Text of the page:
You must pay attention to this release of Bernhard Huber Schlossberg. It has just been released in Australia but my mail on the 2016 vintage is it is one of the best around. In general, I find the Huber Schlossberg to be the “Goldilocks” wine. It has the perfume, intensity and yumminess all in balance. It does need time int he bottle though.
Bernhard Huber Schlossberg Grosses Gewachs 2016 Wine Review
Tasted by Anne Krebiehl MW(at Wiesbaden, 26 Aug 2018)
Part of Top Pinot Noir wines outside Burgundy – Updated
“After the untimely death of his father Bernhard, young Julian Huber has continued in an even finer vein. Grown on a steep slope of weathered fossil limestone, this starts with restraint and leads onto a taut palate that reverberates with red-fruited verve and freshness. The tart fruitiness seems layered, presenting wave after wave of aromatic purity. A fine, firm, silken veil of tannin holds everything in place. The flavours echo long. Drinking Window 2022 – 2035”
The Huber Winery in Malterdingen is in the deep South – West of Germany. Located on the foothills of the Black Forest mountains between Strassbourg in the French Alsace Region and the city Basel in Switzerland. Of the approximately 25 ha they cultivate around 65% is Pinot Noir. Huber’s base of Malterdingen has a wonderful Pinot Noir tradition having seen the Cistercian monks bring the traditional grapevine from Burgundy over 700 years ago (the first documented planting was in 1285). About 8km away from Malterdingen was a big Cistercian monastery: the Monastery Tennenbach. These Cistercian monks also had a “curia” in Malterdingen. A kind of estate, where the monks managed all their vineyard work. This Curia is the location of the Huber winery.
The Cistercian Monks brought Pinot to this region over 700 years ago. The climate and soils complete with limestone matched the Burgundian Terroir and the Pinot Noir or Spatburgunder can make some seriously great wines that will rival Burgundy.
This is the most elusive grape. It is relatively early ripening and extremely sensitive to terroir. Its perfect place on earth is the Cote d’Or in Burgundy. So haunting are great red Burgundy’s charms that growers everywhere try to emulate them. Pinot Noir is not just a one-trick pony, it can make great reds, rosé, sparkling and even sweet wines, whites on occasion and I’ve tasted a decent fortified Pinot Noir too.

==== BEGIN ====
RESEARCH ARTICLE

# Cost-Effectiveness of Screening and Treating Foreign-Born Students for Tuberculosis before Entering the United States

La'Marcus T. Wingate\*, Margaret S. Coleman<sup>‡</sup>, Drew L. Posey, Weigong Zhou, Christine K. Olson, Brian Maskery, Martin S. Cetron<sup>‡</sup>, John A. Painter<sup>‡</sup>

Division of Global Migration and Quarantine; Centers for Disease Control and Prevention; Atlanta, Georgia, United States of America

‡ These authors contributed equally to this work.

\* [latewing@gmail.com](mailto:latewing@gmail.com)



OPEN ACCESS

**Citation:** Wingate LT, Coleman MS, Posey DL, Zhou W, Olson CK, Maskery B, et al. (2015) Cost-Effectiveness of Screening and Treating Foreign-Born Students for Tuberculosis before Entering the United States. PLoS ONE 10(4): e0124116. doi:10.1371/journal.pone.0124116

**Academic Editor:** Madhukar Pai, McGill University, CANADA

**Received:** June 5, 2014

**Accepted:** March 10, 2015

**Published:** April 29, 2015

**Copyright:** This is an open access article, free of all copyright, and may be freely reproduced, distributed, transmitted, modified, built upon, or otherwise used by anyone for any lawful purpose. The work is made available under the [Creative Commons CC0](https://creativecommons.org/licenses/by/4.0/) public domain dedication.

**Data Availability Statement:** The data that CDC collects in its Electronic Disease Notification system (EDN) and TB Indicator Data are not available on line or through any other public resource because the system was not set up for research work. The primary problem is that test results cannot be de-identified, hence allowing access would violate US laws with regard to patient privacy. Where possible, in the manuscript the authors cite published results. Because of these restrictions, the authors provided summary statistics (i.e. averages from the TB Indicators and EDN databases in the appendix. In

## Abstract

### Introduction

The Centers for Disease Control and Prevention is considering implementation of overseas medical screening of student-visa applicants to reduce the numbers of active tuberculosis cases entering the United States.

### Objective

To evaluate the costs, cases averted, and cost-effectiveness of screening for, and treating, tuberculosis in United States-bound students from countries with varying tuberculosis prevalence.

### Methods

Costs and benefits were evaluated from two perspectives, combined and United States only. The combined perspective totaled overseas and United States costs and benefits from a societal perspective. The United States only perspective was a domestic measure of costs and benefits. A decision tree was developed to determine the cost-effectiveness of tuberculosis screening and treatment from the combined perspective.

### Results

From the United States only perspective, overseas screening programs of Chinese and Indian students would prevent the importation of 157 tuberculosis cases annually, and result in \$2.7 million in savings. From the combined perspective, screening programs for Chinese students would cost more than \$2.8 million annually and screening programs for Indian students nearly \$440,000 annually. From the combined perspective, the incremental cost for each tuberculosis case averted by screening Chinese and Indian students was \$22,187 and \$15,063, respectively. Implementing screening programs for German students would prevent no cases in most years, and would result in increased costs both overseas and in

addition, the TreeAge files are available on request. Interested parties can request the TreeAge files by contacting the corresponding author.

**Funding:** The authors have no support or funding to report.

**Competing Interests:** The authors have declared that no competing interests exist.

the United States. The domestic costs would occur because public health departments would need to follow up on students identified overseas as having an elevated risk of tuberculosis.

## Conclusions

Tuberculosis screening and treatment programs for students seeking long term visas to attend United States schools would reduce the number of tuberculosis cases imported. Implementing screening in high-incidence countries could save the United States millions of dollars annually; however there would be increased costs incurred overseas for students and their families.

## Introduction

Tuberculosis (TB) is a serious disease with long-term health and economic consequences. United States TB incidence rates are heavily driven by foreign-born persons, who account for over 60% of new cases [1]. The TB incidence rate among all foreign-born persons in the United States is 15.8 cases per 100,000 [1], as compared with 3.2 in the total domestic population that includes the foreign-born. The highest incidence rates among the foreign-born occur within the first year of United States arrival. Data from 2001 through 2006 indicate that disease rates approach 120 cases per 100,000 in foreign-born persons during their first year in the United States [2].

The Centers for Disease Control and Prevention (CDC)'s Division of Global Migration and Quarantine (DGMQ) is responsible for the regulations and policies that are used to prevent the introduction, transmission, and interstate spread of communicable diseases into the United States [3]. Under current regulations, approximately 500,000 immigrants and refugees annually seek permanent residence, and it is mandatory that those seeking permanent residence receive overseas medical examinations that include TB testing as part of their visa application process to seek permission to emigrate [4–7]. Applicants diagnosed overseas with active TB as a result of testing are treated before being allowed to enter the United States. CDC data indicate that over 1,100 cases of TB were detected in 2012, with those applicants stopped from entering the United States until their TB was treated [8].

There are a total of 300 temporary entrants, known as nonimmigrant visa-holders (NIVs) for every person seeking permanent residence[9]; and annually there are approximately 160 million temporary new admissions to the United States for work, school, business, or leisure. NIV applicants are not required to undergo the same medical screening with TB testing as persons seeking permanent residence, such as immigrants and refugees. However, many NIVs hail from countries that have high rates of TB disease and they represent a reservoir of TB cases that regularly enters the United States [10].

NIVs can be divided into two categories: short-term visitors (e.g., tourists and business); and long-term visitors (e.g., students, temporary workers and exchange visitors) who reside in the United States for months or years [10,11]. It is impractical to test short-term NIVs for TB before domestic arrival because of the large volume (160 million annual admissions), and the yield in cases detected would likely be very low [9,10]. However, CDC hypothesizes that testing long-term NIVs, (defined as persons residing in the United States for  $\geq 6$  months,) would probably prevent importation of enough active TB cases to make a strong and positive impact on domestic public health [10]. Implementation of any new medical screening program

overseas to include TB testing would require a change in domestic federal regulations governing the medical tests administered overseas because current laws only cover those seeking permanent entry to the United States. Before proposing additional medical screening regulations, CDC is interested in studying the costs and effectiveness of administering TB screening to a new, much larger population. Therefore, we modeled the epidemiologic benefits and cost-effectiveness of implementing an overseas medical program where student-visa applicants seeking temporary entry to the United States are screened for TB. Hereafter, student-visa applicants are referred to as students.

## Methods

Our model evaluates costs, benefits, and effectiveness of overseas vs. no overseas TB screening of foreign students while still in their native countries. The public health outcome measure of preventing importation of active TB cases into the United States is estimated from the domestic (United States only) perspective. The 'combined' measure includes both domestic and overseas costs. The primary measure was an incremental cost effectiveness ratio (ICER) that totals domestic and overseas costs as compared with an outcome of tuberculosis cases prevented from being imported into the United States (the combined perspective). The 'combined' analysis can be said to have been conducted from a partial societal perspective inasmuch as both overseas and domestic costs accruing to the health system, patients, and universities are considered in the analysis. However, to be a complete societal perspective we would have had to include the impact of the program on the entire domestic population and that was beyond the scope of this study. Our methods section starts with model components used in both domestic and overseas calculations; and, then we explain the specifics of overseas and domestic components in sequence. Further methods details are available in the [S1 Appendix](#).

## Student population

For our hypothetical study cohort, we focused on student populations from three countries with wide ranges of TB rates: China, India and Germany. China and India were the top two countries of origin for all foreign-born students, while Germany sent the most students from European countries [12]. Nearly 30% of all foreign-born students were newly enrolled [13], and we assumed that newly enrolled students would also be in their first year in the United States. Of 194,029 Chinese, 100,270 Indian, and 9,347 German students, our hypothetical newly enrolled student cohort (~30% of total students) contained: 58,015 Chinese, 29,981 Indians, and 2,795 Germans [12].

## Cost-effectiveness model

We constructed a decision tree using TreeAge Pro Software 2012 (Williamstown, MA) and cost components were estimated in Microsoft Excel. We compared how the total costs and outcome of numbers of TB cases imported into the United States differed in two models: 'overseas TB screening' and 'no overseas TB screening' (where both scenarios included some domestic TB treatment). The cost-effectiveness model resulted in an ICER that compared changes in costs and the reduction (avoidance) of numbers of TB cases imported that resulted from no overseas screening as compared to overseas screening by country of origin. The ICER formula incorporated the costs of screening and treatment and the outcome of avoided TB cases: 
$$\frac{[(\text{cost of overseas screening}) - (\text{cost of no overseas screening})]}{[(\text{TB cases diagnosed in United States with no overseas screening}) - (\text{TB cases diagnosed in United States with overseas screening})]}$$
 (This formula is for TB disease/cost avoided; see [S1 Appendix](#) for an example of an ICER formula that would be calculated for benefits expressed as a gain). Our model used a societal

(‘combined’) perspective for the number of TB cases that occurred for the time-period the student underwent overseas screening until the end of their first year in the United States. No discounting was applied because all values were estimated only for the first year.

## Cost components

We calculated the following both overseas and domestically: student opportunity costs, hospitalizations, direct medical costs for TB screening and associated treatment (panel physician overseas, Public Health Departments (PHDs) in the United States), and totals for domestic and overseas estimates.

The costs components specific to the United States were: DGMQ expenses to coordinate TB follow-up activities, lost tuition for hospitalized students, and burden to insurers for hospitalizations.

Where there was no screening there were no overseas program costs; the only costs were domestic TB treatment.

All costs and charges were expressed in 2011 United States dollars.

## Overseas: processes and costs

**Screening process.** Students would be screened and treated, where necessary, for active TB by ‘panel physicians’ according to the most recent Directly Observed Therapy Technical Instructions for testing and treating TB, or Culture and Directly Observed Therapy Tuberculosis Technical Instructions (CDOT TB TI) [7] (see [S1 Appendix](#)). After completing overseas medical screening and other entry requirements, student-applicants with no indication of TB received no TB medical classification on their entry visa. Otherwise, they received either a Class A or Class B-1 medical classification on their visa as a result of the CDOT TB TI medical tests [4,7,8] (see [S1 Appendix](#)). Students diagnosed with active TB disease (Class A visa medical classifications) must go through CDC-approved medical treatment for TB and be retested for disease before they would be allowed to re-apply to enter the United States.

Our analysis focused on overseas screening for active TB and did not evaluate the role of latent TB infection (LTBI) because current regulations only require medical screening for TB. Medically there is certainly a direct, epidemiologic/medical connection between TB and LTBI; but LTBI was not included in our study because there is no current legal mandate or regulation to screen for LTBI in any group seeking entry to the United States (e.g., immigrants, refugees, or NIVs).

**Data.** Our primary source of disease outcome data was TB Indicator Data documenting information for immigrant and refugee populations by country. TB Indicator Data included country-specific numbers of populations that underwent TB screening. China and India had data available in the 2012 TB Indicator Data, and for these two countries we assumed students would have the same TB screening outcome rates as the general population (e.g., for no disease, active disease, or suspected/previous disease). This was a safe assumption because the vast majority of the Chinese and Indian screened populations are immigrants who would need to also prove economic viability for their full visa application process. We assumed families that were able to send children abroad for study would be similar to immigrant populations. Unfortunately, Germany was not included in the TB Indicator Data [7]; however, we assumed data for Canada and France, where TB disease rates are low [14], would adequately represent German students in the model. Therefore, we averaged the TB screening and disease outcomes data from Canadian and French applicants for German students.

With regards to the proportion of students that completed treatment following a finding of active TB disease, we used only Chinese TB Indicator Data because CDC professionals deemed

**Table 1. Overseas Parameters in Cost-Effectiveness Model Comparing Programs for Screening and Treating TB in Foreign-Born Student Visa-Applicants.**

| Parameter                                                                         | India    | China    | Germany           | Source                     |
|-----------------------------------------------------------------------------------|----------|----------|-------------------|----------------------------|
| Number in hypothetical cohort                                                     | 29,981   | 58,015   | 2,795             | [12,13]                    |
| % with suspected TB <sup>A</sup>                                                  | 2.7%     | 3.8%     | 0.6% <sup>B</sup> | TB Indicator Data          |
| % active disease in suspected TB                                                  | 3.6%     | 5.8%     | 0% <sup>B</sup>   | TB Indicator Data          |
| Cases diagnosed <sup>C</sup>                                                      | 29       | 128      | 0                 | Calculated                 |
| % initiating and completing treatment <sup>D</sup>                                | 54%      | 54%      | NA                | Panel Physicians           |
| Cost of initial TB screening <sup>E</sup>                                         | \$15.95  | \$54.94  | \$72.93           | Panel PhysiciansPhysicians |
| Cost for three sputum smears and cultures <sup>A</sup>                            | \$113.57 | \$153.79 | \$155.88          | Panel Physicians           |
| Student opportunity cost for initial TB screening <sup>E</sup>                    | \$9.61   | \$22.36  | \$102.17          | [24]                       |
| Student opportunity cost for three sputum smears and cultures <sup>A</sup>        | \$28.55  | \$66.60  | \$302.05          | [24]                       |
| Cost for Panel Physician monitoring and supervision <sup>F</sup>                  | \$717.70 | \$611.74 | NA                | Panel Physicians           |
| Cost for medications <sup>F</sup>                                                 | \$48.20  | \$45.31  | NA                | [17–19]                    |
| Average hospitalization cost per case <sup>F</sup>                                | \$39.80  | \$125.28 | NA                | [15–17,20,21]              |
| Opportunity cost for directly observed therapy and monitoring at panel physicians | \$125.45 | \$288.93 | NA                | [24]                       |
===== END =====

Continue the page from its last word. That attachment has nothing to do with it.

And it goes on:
When you think of the wines of Germany, most likely you will think of the off-dry Rieslings of the Mosel. And with great reason too. They are delicious. But Germany has many regions and styles. Sure Riesling is the king of the quality wines. But the further south you go, the more you can find Spatburgunder. Or as we know it Pinot Noir. Carried there by the same monks who planted out Burgundy. The Pinot Noir in recent history has improved out of sight.
Wine is the result you get from fermented grape juice. There is proof of wine production dating back 8000 years ago. Fashions, innovations and many other factors have influenced the way wine has evolved over the years.
The wine grape is pretty special. It contains everything you need to make grape wine. Except for the yeast, which lives on the outside of the skins.
Human inputs can influence the final product. This includes the viticulture (growing) choices. And the winemaker can shape the wine to a point too.
The best wines of the world often refer to terroir. This is a French term that refers to all the climatic, geological and topographical influences on a specific piece of land. And it is true that neighbouring vineyards, grown identically, can taste noticeably different.
Fun fact; most of the colour for wines comes from the skins. There are only a handful of grapes that have red juice. Alicante is the most well known of these grapes.
By macerating the juice on the skins the wine gains tannins, and flavours. There are also certain compounds that change the chemistry of the wine too.
Red wines tend to have higher alcohol. More tannin and more oak flavours compared to other styles of wine. But the thousands of grapes and terroirs they grow in influence this.